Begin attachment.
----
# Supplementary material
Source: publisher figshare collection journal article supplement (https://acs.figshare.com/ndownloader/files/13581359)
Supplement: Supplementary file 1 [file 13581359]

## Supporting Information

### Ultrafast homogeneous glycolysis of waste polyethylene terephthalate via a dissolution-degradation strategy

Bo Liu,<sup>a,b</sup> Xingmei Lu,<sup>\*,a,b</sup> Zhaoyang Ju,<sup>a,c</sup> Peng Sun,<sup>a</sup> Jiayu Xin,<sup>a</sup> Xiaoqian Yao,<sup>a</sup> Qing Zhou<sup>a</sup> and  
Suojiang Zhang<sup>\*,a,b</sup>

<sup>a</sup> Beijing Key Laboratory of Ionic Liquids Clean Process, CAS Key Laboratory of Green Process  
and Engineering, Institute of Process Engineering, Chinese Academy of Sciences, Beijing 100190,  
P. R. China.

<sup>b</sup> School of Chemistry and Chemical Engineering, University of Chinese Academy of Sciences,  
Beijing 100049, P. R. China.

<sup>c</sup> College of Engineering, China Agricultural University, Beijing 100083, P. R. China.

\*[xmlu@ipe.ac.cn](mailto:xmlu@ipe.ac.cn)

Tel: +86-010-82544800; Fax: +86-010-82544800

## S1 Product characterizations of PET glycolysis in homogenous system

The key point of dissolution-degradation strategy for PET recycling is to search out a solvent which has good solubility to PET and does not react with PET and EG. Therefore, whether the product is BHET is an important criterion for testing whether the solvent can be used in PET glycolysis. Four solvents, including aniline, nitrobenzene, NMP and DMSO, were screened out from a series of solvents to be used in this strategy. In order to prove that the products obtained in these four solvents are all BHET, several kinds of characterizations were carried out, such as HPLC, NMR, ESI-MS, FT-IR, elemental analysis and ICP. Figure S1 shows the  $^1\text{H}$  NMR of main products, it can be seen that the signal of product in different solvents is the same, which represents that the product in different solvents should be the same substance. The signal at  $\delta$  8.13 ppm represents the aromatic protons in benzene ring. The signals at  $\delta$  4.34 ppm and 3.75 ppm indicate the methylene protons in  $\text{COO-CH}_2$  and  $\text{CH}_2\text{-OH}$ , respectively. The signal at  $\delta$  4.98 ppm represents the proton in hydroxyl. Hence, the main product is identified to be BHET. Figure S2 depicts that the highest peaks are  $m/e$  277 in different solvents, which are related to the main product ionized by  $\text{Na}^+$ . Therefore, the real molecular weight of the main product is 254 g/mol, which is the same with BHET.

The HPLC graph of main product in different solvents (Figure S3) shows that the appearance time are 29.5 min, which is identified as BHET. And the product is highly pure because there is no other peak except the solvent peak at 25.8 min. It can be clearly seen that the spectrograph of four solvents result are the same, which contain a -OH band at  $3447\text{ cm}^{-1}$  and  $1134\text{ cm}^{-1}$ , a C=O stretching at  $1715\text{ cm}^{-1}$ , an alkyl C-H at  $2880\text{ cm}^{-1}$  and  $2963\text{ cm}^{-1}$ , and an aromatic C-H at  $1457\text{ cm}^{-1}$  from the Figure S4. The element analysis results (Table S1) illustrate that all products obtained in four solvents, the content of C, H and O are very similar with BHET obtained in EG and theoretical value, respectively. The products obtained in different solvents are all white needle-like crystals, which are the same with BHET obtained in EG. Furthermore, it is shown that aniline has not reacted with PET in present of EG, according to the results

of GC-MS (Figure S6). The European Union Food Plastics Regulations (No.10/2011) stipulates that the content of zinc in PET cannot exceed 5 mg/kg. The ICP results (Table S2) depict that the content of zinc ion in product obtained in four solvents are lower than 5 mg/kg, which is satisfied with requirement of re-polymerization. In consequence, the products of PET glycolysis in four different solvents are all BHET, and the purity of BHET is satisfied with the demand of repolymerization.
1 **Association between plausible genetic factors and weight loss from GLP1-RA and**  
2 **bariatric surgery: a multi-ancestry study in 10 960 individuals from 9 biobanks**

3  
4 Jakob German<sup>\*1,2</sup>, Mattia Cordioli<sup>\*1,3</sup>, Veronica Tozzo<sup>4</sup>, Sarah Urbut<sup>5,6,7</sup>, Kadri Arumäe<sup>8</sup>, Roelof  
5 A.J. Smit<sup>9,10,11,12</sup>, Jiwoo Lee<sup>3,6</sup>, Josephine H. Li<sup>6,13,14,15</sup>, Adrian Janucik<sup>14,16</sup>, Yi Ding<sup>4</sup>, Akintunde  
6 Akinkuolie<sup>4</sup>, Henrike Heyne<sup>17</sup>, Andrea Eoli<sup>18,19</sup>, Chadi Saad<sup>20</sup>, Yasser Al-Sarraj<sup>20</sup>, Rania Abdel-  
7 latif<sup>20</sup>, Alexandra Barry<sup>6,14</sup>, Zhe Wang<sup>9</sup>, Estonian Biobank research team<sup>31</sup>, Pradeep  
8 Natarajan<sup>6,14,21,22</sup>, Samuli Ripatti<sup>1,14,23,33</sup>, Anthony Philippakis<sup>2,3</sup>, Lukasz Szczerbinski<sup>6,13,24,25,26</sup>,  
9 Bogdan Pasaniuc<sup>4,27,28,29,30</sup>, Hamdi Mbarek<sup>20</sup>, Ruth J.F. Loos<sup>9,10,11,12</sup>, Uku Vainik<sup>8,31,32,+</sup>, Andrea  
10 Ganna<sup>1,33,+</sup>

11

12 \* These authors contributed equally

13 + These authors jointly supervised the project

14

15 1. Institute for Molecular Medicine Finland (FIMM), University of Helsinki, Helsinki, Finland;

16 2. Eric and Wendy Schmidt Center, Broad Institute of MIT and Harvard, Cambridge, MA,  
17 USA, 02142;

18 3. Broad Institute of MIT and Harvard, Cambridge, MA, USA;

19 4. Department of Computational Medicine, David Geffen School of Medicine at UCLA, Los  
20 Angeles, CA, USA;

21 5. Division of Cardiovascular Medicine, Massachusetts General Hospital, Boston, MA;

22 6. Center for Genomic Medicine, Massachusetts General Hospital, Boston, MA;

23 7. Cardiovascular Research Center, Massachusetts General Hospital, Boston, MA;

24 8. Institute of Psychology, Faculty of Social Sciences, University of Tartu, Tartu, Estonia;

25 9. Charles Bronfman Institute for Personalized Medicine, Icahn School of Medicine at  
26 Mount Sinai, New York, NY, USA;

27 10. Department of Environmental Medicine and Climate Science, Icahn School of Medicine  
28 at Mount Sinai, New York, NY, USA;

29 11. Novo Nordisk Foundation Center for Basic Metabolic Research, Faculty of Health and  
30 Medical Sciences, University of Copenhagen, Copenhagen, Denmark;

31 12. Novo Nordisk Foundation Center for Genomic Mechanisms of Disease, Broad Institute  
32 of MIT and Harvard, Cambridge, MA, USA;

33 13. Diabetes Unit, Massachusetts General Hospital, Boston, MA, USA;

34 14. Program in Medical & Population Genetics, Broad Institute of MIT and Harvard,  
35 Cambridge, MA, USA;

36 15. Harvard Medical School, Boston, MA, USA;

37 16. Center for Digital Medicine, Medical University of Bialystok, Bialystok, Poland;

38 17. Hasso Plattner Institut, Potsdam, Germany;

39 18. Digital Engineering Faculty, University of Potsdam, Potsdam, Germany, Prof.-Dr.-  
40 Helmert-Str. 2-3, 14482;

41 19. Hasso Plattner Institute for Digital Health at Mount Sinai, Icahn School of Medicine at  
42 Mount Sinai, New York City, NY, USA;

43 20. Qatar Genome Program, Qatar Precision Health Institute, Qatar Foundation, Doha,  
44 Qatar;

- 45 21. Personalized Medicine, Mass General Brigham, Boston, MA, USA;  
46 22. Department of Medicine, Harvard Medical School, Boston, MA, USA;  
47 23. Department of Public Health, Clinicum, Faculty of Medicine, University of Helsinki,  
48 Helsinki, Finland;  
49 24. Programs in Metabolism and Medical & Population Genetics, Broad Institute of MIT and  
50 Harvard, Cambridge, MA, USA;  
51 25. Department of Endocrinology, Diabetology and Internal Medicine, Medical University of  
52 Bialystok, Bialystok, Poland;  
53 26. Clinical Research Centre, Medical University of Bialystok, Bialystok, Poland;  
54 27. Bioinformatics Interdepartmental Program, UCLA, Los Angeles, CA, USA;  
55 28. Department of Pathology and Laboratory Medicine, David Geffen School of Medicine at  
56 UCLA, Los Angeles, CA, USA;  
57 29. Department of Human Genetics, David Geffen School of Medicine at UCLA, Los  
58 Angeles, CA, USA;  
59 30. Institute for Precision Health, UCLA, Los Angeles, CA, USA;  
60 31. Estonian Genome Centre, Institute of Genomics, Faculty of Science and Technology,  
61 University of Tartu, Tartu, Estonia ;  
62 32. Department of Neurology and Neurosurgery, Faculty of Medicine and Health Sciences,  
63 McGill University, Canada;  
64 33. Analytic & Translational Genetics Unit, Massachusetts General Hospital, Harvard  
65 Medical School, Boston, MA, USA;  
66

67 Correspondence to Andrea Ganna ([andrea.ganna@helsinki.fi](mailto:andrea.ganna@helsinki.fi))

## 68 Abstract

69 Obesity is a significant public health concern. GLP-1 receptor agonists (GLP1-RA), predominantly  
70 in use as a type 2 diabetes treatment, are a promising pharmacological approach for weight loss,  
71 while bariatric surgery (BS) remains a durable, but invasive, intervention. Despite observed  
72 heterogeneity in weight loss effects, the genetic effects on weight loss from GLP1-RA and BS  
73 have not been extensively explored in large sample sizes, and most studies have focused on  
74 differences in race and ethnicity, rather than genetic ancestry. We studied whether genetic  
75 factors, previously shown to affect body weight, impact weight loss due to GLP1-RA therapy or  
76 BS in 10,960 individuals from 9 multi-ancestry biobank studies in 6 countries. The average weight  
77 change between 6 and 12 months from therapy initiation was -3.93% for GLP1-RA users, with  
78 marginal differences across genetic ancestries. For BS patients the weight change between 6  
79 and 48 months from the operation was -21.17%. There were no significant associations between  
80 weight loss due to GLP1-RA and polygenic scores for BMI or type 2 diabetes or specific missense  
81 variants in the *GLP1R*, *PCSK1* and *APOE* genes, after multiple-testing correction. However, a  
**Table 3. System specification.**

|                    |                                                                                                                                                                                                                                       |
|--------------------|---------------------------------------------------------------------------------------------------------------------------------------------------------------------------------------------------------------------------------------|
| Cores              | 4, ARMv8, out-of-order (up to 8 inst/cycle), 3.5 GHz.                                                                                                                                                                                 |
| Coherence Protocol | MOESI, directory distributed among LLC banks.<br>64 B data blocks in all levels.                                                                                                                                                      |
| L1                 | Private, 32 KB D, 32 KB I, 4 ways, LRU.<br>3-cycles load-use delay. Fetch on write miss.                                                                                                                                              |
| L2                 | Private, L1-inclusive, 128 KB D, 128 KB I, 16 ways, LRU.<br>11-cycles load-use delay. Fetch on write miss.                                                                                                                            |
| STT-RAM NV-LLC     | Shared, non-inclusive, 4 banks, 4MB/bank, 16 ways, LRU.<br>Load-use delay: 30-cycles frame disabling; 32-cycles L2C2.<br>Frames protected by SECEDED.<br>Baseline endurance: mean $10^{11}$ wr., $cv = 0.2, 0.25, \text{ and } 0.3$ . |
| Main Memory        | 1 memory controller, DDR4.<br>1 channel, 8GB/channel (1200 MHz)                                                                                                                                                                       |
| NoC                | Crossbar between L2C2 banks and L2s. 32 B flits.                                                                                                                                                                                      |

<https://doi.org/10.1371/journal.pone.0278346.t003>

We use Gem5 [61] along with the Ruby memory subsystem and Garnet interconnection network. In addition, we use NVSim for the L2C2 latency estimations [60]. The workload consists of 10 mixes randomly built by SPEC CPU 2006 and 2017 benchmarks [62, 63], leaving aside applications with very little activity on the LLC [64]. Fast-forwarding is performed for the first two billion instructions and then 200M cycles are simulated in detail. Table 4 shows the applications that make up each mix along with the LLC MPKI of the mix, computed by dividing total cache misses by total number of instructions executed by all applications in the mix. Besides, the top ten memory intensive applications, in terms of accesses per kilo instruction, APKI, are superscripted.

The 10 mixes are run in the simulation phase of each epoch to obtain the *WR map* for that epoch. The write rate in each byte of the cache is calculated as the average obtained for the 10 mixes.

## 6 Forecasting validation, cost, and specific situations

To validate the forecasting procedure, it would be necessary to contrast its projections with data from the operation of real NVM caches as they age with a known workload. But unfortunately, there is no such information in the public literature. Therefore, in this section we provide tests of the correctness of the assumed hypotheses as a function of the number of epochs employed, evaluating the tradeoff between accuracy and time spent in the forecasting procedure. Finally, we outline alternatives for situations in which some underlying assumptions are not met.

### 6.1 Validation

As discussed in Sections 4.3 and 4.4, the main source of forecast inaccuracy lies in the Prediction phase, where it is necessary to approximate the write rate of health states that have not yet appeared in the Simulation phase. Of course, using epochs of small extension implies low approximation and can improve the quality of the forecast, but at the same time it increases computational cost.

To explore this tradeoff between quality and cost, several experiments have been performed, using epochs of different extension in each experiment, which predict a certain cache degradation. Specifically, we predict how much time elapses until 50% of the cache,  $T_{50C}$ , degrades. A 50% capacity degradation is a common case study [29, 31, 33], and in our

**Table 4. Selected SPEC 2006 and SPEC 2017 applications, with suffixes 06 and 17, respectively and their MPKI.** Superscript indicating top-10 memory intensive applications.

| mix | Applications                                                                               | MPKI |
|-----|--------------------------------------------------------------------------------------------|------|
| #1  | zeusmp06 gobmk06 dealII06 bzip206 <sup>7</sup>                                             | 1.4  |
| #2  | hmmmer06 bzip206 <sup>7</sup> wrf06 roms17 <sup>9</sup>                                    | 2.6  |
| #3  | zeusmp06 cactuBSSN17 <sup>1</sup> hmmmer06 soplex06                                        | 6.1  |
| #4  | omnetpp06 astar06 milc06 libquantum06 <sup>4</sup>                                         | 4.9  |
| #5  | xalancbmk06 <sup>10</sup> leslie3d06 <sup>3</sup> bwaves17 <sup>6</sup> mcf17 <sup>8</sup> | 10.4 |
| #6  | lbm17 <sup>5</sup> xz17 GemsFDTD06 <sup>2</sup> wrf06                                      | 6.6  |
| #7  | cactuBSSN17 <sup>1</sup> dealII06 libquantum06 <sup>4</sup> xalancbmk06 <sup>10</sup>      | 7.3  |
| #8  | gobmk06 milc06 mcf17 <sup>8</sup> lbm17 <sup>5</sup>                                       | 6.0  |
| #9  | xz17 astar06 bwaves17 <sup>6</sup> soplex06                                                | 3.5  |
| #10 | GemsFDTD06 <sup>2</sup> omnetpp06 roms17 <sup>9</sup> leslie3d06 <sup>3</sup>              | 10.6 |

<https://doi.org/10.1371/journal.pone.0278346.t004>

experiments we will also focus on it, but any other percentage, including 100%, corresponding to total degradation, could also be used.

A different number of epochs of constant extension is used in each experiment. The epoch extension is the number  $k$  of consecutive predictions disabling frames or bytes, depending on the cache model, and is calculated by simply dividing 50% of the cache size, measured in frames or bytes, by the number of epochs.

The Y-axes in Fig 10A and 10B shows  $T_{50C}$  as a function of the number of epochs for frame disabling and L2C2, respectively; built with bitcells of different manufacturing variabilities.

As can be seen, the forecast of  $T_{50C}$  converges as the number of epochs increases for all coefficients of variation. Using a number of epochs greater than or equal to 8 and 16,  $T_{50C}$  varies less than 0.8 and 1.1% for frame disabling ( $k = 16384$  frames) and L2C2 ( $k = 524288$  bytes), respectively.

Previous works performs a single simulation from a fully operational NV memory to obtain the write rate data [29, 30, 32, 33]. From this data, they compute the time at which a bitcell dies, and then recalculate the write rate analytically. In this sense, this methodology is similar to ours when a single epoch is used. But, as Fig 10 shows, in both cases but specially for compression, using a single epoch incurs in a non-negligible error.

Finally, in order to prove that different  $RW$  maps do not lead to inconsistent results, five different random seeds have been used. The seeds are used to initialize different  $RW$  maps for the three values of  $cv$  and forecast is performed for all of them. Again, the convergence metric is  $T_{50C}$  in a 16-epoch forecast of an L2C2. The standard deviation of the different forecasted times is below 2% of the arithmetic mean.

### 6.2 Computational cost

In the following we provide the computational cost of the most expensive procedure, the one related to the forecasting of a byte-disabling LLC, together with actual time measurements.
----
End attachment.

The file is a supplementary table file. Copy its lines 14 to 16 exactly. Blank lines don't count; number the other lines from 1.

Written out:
\*[xmlu@ipe.ac.cn](mailto:xmlu@ipe.ac.cn)

Tel: +86-010-82544800; Fax: +86-010-82544800

## S1 Product characterizations of PET glycolysis in homogenous system